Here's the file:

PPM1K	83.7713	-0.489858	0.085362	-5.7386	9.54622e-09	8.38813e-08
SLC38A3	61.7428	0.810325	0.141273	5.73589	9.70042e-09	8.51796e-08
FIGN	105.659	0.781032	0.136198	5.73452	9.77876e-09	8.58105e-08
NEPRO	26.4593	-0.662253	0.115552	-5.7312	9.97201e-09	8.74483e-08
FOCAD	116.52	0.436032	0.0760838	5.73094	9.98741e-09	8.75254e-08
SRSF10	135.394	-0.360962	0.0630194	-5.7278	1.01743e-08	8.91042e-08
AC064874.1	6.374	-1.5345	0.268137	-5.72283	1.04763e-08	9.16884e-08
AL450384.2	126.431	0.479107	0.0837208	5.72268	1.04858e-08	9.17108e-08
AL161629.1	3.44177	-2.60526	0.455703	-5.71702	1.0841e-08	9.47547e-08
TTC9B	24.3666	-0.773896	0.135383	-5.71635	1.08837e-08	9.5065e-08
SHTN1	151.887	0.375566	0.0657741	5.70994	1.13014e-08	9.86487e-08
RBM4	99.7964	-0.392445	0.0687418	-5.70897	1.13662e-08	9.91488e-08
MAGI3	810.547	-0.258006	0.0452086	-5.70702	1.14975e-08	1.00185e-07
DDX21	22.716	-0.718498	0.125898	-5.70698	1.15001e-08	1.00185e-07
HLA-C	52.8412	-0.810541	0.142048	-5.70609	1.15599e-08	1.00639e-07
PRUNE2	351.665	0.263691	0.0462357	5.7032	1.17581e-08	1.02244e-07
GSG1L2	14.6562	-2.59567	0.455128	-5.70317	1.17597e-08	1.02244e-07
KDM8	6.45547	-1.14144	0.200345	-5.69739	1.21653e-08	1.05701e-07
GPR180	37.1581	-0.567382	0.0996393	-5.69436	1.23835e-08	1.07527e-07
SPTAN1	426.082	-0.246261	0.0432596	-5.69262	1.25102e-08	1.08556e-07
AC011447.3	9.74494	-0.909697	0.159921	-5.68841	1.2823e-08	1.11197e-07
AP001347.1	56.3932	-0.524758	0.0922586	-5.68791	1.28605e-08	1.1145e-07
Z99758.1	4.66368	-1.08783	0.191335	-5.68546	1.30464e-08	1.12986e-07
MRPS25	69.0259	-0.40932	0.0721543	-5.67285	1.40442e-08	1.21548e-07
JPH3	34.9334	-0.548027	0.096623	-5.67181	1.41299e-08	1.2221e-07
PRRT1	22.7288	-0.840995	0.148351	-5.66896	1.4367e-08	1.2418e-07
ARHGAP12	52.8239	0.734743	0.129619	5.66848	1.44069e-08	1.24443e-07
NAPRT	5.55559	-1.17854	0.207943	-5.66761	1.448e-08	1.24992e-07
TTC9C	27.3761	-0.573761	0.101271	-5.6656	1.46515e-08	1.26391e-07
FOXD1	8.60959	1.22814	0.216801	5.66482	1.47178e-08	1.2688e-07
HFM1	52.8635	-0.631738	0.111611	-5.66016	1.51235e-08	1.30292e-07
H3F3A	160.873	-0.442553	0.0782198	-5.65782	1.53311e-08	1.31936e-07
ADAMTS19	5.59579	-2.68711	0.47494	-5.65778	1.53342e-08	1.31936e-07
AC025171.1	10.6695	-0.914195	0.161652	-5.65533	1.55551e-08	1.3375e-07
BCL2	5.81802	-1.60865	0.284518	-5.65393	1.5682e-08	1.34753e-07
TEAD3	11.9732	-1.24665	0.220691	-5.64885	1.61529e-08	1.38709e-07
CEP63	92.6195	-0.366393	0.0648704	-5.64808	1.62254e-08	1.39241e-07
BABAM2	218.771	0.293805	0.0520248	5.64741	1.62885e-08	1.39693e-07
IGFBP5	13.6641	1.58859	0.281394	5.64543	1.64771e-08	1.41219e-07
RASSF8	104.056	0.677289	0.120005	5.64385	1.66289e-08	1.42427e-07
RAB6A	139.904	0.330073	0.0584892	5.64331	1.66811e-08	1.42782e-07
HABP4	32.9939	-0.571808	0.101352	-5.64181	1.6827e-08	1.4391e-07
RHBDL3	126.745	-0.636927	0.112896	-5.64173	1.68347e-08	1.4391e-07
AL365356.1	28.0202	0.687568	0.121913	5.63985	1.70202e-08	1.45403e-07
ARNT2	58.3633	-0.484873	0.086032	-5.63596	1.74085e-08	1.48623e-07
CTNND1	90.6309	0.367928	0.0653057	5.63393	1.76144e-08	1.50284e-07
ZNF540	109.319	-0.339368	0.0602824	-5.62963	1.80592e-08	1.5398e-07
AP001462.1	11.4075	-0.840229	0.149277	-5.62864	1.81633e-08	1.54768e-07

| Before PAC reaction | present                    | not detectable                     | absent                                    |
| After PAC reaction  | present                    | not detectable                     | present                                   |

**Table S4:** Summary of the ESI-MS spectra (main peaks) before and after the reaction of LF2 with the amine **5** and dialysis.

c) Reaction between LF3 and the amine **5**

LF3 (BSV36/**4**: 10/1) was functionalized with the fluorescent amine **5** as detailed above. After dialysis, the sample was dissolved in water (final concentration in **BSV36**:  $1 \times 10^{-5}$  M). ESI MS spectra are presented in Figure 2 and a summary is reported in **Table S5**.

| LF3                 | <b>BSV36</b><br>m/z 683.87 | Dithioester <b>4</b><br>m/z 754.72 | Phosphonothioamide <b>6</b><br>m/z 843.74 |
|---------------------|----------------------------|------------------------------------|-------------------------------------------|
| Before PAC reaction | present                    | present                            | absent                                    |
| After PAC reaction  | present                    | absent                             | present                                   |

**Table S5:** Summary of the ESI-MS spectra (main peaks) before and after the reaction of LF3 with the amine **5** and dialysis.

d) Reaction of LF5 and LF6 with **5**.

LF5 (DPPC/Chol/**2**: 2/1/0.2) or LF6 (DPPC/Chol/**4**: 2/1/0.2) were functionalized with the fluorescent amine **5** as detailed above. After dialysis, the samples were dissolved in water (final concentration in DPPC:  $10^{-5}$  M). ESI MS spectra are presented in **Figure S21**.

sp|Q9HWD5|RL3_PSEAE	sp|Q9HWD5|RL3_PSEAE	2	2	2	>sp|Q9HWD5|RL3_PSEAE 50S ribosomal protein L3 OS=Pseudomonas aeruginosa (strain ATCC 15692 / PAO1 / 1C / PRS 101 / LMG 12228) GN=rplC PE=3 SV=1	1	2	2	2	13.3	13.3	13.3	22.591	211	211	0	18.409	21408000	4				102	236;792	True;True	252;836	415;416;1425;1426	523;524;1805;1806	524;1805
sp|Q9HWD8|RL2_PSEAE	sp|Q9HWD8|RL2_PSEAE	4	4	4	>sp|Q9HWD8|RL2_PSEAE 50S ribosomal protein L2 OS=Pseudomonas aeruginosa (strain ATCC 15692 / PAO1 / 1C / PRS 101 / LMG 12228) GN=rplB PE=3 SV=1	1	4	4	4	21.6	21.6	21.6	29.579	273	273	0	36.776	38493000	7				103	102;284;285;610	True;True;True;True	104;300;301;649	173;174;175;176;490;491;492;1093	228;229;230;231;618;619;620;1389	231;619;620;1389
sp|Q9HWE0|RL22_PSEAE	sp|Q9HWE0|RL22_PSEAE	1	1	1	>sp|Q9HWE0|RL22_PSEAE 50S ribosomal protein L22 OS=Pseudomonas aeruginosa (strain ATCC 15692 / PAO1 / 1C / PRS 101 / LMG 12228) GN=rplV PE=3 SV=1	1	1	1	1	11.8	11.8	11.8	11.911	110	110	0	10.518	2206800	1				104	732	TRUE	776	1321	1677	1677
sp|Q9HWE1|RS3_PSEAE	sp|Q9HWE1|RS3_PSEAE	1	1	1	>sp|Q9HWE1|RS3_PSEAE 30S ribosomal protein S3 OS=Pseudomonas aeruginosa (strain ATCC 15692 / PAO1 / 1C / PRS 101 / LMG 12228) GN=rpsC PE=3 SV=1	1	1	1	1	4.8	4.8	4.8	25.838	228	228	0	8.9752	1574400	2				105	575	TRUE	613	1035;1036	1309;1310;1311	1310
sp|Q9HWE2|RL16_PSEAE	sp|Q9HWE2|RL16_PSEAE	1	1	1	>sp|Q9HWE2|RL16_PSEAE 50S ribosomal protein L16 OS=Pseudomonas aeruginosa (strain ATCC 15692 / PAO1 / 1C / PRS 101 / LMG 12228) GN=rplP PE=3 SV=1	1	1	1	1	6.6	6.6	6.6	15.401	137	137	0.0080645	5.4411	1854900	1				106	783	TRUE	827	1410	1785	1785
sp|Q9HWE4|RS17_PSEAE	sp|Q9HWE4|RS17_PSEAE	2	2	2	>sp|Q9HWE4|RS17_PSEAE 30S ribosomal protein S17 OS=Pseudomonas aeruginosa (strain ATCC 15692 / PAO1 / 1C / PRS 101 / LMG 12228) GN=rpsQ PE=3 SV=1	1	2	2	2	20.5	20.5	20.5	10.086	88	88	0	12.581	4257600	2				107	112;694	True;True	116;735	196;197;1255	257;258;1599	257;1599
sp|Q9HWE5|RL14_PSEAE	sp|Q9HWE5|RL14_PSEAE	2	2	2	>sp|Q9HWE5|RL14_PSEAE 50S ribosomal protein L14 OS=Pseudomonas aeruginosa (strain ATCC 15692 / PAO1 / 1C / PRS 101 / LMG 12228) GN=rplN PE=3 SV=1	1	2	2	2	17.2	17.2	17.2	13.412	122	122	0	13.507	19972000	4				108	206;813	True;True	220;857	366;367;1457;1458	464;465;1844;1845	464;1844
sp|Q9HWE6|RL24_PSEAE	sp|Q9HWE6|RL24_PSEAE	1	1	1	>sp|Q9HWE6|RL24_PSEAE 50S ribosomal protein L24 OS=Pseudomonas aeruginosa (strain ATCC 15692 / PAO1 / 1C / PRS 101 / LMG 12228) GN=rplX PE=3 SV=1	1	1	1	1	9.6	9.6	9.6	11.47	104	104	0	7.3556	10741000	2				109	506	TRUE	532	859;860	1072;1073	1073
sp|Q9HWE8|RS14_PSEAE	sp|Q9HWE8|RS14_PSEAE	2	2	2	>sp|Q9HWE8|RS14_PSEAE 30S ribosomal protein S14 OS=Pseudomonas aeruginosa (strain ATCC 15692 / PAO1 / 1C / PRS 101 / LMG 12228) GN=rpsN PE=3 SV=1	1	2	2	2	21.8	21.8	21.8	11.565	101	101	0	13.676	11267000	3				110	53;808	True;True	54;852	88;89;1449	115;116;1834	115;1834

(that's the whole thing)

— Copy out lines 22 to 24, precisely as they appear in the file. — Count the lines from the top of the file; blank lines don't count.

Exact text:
AP001347.1	56.3932	-0.524758	0.0922586	-5.68791	1.28605e-08	1.1145e-07
Z99758.1	4.66368	-1.08783	0.191335	-5.68546	1.30464e-08	1.12986e-07
MRPS25	69.0259	-0.40932	0.0721543	-5.67285	1.40442e-08	1.21548e-07